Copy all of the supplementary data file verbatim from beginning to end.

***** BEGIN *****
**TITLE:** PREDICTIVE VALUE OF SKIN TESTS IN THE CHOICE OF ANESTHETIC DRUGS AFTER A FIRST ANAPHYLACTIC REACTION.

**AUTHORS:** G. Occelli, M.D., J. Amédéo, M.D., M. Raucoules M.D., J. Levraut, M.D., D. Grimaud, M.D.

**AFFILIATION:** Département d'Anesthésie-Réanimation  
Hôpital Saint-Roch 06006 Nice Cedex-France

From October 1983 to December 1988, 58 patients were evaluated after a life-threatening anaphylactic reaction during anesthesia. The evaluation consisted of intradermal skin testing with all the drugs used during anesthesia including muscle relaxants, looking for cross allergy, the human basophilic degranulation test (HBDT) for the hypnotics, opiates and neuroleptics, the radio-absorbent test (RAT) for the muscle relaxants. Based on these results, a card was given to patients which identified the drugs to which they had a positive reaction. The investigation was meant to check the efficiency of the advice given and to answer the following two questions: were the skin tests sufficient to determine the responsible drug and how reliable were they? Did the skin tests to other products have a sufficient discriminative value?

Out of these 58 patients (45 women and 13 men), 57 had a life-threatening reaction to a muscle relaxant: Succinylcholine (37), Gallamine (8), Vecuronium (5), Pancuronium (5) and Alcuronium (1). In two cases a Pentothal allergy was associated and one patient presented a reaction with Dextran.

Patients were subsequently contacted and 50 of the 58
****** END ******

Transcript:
**TITLE:** PREDICTIVE VALUE OF SKIN TESTS IN THE CHOICE OF ANESTHETIC DRUGS AFTER A FIRST ANAPHYLACTIC REACTION.

**AUTHORS:** G. Occelli, M.D., J. Amédéo, M.D., M. Raucoules M.D., J. Levraut, M.D., D. Grimaud, M.D.

**AFFILIATION:** Département d'Anesthésie-Réanimation  
Hôpital Saint-Roch 06006 Nice Cedex-France

From October 1983 to December 1988, 58 patients were evaluated after a life-threatening anaphylactic reaction during anesthesia. The evaluation consisted of intradermal skin testing with all the drugs used during anesthesia including muscle relaxants, looking for cross allergy, the human basophilic degranulation test (HBDT) for the hypnotics, opiates and neuroleptics, the radio-absorbent test (RAT) for the muscle relaxants. Based on these results, a card was given to patients which identified the drugs to which they had a positive reaction. The investigation was meant to check the efficiency of the advice given and to answer the following two questions: were the skin tests sufficient to determine the responsible drug and how reliable were they? Did the skin tests to other products have a sufficient discriminative value?

Out of these 58 patients (45 women and 13 men), 57 had a life-threatening reaction to a muscle relaxant: Succinylcholine (37), Gallamine (8), Vecuronium (5), Pancuronium (5) and Alcuronium (1). In two cases a Pentothal allergy was associated and one patient presented a reaction with Dextran.

Patients were subsequently contacted and 50 of the 58